(RxWiki News) If you remember asking your math teacher, "When are we ever going to need this stuff," the answer might be more important than you think: when you're measuring medication for your kid.
A recent unpublished study has shown that poor math skills among parents are strongly linked to errors in measuring out the correct dosage of a medication for their children.
"Have a nurse, doctor or pharmacist show you how to measure your child's medication."
Lead author Christine Marrese, MD, of the New York University School of Medicine and Bellevue Hospital, and colleagues wanted to find out what affect it might have on making errors about medication dosage if a parent had weak reading or math skills.
They recruited 289 parents with children under 8 years old, all of whom had received a prescription for a short-term liquid medication after an emergency room visit.
The parents took three tests to provide data about their math and reading skills, and then the researchers observed the parents measuring out a dose of medication that had been prescribed for their child.
Approximately a third of the parents had poor reading skills, but 83 percent had weak math skills, including 27 percent of the total group whose math skills fell below third grade math. During the observed dosing, 41 percent of the parents made an error.
Parents who had math skills at the third grade level or lower were much more likely - about five times as much - to measure out an incorrect medication dosage for their child compared to parents whose math skills were at sixth grade or greater.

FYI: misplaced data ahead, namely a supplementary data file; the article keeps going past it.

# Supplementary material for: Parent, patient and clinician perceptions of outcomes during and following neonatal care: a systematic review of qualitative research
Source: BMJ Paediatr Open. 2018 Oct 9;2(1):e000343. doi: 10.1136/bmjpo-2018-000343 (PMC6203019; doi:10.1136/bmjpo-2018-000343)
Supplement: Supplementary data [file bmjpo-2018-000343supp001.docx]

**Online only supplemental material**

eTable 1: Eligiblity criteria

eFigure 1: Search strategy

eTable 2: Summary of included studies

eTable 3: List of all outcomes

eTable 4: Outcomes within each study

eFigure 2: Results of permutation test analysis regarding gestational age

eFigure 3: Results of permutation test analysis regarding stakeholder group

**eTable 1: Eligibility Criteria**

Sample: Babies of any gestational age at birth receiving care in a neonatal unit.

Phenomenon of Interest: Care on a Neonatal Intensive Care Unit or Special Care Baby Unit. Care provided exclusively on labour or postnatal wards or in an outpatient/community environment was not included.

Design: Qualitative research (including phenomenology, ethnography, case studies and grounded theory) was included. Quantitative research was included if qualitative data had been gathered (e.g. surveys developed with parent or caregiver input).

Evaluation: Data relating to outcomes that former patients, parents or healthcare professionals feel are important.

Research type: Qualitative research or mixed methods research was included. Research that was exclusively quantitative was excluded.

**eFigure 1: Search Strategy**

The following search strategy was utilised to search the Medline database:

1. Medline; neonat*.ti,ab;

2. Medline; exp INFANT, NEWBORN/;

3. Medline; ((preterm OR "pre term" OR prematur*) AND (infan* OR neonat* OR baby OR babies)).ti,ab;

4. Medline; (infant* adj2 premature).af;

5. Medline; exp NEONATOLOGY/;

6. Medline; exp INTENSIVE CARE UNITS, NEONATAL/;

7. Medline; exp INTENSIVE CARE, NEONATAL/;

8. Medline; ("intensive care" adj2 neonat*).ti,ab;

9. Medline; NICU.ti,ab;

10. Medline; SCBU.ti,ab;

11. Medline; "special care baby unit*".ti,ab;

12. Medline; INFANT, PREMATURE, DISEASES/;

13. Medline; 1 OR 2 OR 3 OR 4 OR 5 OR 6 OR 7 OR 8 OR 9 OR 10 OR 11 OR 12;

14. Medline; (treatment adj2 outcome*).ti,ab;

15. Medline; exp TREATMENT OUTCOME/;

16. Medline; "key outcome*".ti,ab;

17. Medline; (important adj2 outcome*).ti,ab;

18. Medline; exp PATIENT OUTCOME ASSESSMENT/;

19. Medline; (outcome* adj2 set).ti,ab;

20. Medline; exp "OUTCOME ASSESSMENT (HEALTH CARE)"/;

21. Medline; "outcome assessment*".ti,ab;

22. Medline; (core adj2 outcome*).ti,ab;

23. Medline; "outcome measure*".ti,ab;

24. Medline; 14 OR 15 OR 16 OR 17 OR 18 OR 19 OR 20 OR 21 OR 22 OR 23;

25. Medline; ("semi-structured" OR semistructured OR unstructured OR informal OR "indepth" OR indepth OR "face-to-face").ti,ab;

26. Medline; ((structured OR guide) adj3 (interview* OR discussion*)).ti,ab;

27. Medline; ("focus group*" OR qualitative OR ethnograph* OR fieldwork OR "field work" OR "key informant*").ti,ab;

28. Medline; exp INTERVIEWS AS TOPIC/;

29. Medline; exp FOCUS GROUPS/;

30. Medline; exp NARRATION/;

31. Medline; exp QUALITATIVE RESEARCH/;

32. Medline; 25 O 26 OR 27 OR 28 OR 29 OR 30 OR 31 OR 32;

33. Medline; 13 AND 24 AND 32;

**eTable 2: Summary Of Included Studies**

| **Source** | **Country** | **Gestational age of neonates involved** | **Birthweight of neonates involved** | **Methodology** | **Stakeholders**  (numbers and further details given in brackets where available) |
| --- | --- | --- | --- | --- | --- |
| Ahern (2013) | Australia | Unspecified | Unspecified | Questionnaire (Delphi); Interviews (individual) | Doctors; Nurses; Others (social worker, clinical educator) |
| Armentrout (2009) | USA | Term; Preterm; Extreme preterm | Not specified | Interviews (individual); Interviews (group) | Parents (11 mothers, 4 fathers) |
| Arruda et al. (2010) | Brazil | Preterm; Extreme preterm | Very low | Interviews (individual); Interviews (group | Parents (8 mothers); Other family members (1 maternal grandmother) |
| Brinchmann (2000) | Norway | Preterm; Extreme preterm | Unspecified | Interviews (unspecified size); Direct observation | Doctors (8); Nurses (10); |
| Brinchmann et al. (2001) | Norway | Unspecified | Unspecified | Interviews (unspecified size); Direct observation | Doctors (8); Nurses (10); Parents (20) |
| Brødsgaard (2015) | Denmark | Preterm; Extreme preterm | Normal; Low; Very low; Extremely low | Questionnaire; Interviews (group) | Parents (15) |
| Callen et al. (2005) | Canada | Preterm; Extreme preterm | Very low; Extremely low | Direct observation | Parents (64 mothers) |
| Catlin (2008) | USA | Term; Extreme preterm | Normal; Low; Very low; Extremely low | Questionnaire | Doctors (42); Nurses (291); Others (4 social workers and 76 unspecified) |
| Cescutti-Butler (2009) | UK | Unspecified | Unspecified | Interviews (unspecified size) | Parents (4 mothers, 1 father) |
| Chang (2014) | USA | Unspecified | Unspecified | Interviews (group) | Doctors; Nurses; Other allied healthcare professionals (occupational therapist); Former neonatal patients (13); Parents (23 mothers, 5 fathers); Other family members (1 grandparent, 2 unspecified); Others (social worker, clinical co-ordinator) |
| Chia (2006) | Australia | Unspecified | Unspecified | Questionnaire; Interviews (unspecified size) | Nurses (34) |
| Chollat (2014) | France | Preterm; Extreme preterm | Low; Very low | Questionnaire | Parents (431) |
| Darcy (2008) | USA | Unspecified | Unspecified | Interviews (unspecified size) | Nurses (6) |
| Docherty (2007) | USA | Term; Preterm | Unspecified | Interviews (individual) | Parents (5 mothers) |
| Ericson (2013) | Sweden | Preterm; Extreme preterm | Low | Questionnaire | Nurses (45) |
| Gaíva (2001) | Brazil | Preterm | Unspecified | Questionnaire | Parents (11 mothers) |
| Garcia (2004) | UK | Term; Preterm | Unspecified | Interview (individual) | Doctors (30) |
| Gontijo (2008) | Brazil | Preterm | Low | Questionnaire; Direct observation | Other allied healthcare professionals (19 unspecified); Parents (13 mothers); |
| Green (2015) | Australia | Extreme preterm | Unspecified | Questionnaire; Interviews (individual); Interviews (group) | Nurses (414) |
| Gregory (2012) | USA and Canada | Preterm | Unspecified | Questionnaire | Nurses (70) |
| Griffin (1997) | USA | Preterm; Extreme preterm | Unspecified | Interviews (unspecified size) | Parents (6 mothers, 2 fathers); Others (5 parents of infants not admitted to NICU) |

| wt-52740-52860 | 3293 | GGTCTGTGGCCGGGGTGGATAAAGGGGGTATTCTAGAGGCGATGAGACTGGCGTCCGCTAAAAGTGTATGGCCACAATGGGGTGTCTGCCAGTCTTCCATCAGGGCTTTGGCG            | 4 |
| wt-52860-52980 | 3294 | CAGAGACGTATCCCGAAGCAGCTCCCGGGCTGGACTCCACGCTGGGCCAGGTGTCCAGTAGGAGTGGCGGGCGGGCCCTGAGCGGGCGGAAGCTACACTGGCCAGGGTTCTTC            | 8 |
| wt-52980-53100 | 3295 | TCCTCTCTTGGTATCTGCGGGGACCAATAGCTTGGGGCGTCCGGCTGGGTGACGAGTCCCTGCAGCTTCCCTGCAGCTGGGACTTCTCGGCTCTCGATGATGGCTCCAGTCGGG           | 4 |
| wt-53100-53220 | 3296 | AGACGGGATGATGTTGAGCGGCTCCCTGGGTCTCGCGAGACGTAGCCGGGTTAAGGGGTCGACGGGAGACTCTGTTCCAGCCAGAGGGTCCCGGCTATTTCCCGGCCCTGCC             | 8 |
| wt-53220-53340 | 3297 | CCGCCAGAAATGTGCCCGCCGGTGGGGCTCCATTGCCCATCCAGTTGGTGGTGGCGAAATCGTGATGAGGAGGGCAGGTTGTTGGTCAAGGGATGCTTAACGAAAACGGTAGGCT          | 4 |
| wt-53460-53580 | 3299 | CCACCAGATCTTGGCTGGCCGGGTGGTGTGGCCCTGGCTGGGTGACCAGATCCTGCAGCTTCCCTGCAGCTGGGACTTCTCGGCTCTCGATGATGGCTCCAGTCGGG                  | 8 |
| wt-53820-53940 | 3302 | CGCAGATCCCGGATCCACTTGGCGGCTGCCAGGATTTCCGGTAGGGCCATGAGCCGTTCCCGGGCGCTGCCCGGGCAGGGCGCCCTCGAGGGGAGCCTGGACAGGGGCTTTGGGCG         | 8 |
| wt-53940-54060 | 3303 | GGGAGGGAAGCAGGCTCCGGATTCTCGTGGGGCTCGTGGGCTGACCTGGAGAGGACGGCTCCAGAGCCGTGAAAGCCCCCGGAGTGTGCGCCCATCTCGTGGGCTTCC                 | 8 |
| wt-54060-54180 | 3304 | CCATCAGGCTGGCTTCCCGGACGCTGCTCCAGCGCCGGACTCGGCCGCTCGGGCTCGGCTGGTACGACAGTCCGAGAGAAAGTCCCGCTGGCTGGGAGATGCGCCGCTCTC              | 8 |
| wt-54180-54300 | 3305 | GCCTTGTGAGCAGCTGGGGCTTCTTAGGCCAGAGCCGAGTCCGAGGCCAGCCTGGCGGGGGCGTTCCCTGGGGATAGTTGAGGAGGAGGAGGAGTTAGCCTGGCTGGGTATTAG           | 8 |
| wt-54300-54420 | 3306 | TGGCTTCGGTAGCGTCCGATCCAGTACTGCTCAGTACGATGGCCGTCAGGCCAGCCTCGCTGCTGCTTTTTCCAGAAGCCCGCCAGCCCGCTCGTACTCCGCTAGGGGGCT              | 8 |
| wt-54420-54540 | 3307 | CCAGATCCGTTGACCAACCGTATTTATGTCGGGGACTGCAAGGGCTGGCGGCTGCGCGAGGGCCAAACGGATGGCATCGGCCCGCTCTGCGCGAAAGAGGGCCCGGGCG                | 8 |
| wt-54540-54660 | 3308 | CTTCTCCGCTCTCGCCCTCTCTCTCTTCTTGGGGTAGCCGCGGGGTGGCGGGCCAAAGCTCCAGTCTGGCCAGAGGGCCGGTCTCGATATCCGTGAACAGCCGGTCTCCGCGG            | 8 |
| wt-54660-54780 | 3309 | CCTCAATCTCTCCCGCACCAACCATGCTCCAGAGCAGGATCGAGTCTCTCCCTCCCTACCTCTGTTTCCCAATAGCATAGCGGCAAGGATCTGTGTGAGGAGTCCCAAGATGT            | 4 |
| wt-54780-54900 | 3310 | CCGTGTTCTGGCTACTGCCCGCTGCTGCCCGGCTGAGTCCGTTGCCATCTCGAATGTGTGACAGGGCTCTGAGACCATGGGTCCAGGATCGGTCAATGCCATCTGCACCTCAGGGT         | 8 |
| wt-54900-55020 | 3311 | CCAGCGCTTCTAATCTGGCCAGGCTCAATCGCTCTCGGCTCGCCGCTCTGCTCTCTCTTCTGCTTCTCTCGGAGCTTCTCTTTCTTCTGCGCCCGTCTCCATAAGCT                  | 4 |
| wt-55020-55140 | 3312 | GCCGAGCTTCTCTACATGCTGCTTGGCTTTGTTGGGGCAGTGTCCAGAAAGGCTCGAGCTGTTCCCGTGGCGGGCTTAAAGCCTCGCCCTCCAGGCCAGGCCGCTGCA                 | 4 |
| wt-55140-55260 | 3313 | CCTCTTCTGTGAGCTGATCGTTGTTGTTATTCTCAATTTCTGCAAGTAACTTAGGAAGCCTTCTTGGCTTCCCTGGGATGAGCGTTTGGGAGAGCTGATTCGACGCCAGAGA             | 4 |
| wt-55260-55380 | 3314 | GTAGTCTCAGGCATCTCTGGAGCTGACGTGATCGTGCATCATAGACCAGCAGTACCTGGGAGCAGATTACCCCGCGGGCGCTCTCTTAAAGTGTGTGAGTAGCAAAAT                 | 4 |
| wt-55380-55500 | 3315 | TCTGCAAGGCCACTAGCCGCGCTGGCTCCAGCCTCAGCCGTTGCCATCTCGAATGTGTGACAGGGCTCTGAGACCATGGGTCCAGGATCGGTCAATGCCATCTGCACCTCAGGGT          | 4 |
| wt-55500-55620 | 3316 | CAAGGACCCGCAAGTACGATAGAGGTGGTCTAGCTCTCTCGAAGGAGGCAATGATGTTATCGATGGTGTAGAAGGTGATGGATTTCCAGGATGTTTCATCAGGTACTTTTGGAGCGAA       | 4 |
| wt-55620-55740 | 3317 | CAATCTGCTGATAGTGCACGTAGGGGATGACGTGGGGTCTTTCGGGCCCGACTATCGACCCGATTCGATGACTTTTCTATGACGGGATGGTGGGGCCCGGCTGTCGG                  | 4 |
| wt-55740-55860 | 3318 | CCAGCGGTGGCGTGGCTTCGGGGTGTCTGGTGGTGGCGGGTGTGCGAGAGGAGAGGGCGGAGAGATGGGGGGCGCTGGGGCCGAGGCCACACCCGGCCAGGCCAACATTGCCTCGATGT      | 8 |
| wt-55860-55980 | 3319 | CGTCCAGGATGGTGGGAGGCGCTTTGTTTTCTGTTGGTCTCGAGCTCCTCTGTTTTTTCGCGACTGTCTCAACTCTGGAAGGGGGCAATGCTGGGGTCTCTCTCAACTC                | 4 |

Among the math skills parents might encounter when trying to measure out medications is the ability to convert drug amount from one unit of measurement to another.
Medications are often given in milliliters, teaspoons and tablespoons, and then they might be administered with syringes, dosing cups or droppers, all labeled with different units and capacities.
"Parents face many challenges as they seek to administer medications to their children in a safe and effective manner," said co-author H. Shonna Yin, MD, an assistant pediatrics professor at NYT's School of Medicine.
"These findings point to a need to examine whether strategies that specifically address parent math skills can help reduce medication errors in children," Dr. Yin said. "In addition, recognition of the importance of addressing numeracy skills may be helpful for health care providers as they seek to improve their communication of medication instructions."
The study was presented April 28 at the Pediatric Academic Societies annual meeting in Boston. No information was available regarding the study's funding and possible conflicts of interest.
The study was presented at a conference, and no publication date or journal was noted. Therefore, it is possible the study has not yet been peer-reviewed and had its quality evaluated by others in the field.